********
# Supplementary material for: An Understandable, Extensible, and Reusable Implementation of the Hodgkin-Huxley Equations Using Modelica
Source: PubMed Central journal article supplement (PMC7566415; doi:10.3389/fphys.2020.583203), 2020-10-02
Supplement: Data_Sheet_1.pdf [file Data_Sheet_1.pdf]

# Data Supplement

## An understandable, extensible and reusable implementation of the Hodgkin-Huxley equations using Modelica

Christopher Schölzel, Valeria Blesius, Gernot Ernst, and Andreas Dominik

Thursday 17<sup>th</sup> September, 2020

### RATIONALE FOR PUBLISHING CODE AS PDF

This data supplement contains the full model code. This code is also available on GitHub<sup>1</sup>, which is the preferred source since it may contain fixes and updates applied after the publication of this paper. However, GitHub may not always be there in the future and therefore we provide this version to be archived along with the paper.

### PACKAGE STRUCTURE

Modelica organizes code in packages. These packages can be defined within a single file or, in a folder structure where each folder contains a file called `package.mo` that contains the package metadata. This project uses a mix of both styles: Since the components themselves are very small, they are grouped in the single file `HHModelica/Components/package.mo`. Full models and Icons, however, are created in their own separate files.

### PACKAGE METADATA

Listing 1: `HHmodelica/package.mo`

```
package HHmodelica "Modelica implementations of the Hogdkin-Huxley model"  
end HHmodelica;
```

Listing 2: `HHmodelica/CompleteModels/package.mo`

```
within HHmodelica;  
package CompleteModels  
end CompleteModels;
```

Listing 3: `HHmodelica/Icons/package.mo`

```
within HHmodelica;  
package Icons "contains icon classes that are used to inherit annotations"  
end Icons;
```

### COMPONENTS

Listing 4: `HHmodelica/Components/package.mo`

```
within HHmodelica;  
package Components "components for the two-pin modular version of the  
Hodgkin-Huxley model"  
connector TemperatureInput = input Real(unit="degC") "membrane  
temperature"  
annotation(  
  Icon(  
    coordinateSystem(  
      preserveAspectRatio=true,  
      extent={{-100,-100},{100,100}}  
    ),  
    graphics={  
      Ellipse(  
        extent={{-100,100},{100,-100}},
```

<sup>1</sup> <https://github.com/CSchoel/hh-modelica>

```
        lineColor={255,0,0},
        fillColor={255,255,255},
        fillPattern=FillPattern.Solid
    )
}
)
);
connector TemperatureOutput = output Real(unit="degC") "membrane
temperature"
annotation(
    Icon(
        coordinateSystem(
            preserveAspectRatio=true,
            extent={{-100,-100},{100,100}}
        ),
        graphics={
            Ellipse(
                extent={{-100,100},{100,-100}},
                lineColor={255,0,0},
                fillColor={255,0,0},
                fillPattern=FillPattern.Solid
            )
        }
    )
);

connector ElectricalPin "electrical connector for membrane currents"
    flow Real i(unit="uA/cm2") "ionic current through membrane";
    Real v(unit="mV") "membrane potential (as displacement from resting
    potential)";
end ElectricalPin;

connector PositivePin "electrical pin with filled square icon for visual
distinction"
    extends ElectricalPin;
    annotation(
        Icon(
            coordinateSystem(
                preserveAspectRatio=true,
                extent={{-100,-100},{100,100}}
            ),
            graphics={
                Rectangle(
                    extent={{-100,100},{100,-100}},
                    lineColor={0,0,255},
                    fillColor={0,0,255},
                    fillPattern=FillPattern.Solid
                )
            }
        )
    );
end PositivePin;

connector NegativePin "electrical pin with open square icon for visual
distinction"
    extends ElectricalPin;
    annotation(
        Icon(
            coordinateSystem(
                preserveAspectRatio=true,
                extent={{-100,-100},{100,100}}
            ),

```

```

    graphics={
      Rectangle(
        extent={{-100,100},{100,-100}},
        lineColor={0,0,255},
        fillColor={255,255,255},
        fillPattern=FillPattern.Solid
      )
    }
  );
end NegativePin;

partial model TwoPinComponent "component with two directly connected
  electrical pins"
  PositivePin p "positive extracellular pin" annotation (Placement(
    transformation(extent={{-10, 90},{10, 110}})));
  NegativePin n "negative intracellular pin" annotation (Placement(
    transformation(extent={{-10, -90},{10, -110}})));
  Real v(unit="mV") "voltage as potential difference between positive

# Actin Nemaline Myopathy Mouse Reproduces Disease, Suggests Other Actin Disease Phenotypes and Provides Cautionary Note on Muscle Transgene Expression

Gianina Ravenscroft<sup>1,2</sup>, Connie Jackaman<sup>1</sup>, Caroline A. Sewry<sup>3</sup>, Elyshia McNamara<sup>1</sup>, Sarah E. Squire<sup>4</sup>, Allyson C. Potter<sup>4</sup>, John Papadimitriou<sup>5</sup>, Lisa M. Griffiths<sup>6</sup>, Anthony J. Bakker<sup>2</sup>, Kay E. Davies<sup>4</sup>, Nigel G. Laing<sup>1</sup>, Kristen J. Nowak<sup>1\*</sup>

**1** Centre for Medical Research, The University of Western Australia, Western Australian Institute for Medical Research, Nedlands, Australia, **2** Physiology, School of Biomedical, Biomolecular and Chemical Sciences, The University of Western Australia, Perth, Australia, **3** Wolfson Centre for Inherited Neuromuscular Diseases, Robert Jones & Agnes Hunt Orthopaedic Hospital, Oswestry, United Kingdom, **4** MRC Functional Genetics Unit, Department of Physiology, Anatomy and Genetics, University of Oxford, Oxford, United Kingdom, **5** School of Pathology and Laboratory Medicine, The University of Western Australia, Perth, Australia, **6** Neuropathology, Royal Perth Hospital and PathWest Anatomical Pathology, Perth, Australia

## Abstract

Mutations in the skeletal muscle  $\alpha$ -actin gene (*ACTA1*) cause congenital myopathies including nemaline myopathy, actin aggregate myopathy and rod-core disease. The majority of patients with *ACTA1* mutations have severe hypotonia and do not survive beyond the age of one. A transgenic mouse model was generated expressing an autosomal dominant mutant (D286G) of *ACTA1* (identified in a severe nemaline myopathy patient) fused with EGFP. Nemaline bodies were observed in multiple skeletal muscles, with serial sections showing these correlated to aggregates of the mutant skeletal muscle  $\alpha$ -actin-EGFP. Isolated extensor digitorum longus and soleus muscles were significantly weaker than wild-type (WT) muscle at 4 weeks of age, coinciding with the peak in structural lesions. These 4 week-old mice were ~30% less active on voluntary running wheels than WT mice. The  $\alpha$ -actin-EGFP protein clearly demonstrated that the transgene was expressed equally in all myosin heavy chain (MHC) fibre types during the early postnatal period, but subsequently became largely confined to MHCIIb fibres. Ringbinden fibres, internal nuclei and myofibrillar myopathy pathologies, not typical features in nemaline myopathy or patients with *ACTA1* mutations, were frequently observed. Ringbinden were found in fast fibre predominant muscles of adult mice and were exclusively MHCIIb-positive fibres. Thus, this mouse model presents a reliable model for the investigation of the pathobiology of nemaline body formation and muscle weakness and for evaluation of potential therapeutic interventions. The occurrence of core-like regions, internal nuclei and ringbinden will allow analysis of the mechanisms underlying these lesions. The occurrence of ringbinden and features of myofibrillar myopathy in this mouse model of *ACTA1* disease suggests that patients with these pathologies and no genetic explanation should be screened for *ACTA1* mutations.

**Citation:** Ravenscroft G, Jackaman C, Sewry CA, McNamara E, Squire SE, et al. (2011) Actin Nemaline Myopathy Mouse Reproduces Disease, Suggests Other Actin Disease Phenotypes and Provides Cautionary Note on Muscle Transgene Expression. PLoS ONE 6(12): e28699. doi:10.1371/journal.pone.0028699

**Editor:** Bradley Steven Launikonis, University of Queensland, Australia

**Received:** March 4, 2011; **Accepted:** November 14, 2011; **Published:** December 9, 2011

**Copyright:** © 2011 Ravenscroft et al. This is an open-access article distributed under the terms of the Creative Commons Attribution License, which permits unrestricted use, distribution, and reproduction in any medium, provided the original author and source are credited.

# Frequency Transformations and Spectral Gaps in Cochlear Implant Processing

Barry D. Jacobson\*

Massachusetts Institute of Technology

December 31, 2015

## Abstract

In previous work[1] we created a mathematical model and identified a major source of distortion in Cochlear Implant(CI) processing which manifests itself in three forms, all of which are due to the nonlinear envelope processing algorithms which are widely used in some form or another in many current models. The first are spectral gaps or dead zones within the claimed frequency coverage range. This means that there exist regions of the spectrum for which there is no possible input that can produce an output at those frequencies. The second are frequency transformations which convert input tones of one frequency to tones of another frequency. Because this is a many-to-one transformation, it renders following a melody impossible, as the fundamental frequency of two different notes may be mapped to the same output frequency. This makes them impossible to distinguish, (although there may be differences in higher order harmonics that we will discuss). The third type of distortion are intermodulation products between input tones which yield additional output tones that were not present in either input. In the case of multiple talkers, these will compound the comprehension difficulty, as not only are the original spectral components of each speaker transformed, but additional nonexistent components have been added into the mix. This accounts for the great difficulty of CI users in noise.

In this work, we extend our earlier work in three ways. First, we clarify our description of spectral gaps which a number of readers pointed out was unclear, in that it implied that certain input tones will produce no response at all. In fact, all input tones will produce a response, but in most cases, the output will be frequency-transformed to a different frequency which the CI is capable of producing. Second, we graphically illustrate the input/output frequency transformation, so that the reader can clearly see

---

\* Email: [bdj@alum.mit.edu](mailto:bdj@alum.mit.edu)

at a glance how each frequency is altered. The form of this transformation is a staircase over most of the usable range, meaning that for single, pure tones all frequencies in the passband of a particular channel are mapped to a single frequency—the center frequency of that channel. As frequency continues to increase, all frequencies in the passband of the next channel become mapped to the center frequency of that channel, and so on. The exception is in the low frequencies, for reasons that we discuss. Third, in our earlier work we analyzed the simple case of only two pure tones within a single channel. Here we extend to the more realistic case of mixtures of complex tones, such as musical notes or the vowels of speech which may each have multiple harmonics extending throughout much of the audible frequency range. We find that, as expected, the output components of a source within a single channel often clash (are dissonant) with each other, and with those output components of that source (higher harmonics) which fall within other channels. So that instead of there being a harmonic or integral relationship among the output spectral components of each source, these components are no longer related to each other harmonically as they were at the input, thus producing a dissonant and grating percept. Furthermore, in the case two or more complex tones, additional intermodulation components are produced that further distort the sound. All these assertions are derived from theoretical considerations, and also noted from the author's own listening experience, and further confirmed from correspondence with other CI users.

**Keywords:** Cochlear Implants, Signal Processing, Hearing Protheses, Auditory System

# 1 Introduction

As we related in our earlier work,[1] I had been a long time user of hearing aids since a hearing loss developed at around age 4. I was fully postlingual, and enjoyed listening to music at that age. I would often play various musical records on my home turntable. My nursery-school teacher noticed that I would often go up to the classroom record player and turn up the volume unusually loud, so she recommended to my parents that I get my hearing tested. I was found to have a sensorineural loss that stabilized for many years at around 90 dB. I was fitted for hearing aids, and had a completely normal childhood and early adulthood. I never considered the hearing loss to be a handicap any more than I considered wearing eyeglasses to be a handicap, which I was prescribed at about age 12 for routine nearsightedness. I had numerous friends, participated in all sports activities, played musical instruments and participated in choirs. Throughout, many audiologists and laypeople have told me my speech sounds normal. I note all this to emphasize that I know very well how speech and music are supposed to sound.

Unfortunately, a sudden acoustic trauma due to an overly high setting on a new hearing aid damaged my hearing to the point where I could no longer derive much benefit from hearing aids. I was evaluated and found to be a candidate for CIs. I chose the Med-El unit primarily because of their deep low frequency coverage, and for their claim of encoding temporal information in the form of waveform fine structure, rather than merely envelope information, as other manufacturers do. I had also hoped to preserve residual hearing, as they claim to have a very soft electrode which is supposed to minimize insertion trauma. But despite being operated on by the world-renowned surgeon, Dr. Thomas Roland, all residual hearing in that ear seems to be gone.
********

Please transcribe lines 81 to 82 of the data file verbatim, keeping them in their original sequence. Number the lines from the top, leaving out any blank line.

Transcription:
distinction"
    extends ElectricalPin;